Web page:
From Annenberg Learner:
Because the X is inactivated randomly in cells, one cell could have the maternal X inactivated, while the adjacent cell could have the paternal X inactivated. This causes a pattern of gene expression called mosaicism, which occurs when different alleles of X-linked genes are expressed in different cells.
However, this seems at odds with colorblindness being more likely in males. From Wikipedia:
The genes that produce photopigments are carried on the X chromosome; if some of these genes are missing or damaged, color blindness will be expressed in males with a higher probability than in females because males only have one X chromosome, whereas females have two and a functional gene on only one of the X chromosomes is sufficient to yield the necessary photopigments.
Question: If X chromosomes are randomly inactivated cell by cell, shouldn't the fully functional photopigment-producing gene be inactivated approximately half the time? In which case, wouldn't we instead see females with colorblindness with higher frequency as males, but experiencing colorblindness to a lesser extent? (After all, two X chromosomes means two chances for a dysfunctional gene.)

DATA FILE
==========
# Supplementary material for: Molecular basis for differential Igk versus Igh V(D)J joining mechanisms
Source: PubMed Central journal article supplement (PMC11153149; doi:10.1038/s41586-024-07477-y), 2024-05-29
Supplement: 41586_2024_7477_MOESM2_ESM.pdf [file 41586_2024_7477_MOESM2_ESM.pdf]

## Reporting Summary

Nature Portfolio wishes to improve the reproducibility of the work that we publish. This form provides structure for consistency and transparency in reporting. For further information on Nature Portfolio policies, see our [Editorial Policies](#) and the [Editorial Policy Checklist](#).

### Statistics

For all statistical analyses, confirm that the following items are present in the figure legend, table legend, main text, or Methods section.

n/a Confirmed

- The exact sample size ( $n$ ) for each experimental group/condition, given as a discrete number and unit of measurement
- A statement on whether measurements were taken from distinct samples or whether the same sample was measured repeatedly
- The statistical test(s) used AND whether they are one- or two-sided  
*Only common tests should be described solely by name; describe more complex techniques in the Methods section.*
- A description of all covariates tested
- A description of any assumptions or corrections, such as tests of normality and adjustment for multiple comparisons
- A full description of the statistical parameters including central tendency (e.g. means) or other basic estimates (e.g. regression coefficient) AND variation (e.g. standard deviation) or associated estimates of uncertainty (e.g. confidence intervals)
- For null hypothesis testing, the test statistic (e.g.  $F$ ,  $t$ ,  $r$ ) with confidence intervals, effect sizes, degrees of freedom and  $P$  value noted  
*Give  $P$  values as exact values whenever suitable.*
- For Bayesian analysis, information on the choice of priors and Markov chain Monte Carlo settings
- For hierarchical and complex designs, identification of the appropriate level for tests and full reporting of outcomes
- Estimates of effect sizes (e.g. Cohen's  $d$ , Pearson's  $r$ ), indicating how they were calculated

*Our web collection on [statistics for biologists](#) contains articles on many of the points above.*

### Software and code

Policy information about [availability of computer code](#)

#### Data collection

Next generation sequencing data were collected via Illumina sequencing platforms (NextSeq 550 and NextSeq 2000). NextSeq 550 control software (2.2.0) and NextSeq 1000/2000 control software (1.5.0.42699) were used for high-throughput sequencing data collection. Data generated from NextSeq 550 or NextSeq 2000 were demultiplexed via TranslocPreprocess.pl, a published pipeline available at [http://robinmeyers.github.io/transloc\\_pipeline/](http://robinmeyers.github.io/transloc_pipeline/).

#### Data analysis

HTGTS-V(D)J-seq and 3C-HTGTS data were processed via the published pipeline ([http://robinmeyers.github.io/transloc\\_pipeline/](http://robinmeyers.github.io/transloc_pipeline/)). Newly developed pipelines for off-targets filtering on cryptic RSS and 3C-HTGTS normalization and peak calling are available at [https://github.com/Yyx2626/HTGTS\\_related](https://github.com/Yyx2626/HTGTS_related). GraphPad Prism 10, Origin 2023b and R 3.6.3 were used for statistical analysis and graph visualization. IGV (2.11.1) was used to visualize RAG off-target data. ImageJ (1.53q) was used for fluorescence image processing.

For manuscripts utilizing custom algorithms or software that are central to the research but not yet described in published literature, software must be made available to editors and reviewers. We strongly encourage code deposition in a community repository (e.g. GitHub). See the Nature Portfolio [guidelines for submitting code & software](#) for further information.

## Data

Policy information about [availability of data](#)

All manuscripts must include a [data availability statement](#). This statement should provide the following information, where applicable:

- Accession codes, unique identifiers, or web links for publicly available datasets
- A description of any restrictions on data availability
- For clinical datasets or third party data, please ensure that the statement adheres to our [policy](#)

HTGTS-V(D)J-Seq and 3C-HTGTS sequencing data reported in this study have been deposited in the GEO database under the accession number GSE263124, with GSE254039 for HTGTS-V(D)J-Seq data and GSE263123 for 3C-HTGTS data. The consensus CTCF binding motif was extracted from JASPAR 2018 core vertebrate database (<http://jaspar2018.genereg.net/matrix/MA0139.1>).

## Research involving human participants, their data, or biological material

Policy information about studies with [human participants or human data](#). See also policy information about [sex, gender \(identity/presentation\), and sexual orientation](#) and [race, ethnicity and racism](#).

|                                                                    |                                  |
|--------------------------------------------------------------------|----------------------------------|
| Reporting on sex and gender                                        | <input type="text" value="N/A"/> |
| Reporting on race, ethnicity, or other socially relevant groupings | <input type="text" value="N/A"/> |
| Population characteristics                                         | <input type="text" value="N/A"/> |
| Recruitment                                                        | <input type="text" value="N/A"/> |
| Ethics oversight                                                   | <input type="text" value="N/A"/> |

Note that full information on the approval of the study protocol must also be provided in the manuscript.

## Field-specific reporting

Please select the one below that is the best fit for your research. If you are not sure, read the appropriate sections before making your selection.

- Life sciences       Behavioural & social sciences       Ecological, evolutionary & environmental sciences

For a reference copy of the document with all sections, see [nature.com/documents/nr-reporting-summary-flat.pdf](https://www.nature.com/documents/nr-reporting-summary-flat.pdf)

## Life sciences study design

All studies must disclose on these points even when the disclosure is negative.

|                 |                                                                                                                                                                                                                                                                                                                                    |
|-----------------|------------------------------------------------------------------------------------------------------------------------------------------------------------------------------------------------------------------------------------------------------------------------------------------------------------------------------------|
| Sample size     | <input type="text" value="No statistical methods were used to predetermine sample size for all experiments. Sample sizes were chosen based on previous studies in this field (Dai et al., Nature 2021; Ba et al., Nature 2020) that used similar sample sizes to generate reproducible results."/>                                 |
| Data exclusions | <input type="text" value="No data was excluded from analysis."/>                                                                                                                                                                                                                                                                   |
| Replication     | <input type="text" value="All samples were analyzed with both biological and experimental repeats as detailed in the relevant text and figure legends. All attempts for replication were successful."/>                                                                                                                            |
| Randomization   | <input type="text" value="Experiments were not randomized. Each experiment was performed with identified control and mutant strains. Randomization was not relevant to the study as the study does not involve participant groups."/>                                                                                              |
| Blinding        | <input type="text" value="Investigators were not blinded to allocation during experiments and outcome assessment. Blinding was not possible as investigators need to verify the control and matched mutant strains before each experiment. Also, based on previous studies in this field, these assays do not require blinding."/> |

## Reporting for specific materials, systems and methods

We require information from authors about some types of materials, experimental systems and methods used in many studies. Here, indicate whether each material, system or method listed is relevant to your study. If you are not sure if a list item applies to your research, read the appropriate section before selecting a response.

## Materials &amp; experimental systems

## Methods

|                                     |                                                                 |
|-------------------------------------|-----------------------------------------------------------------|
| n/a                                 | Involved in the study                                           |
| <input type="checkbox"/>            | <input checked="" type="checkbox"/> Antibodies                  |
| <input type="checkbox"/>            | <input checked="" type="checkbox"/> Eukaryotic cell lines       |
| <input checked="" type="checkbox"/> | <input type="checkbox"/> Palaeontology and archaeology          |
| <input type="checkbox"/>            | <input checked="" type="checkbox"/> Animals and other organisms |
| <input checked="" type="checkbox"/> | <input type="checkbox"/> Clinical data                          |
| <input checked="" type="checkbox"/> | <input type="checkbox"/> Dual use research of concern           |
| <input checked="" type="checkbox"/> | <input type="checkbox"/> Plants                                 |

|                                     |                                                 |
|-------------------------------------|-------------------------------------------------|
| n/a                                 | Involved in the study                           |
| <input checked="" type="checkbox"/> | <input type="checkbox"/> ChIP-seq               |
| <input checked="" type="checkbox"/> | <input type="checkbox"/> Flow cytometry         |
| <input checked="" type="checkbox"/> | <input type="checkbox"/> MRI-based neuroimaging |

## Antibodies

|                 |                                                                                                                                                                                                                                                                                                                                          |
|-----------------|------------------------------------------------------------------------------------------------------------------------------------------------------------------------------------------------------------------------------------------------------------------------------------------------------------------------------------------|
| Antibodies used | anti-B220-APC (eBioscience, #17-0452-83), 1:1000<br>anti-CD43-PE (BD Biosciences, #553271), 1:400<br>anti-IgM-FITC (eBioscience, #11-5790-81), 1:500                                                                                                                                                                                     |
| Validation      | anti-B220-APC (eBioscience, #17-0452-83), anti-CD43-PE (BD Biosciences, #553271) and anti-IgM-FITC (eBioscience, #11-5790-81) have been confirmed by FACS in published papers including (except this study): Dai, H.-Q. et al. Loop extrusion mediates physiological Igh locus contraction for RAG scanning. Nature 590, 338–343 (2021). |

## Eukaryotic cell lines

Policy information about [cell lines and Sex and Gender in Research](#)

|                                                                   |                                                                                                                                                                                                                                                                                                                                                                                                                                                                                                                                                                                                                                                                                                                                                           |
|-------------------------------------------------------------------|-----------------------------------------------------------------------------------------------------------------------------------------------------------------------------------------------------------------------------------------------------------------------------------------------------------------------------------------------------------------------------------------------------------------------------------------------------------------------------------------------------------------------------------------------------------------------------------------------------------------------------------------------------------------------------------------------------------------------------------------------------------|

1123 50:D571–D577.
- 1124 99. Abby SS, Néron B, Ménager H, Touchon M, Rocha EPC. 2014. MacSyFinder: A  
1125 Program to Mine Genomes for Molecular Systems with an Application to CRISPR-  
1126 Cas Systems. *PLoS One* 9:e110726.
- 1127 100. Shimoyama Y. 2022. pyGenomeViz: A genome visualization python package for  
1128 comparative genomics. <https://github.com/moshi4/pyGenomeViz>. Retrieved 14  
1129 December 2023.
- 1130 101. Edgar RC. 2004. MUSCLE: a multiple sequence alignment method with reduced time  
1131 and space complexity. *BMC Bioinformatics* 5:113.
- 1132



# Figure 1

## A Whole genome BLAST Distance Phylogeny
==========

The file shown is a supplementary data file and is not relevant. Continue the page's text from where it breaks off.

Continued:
I'm guessing I'm missing a piece of the puzzle here, e.g., perhaps the relevant cells "know" to inactivate the dysfunctional X chromosome, or perhaps it's to do with X chromosomes only being incompletely inactivated.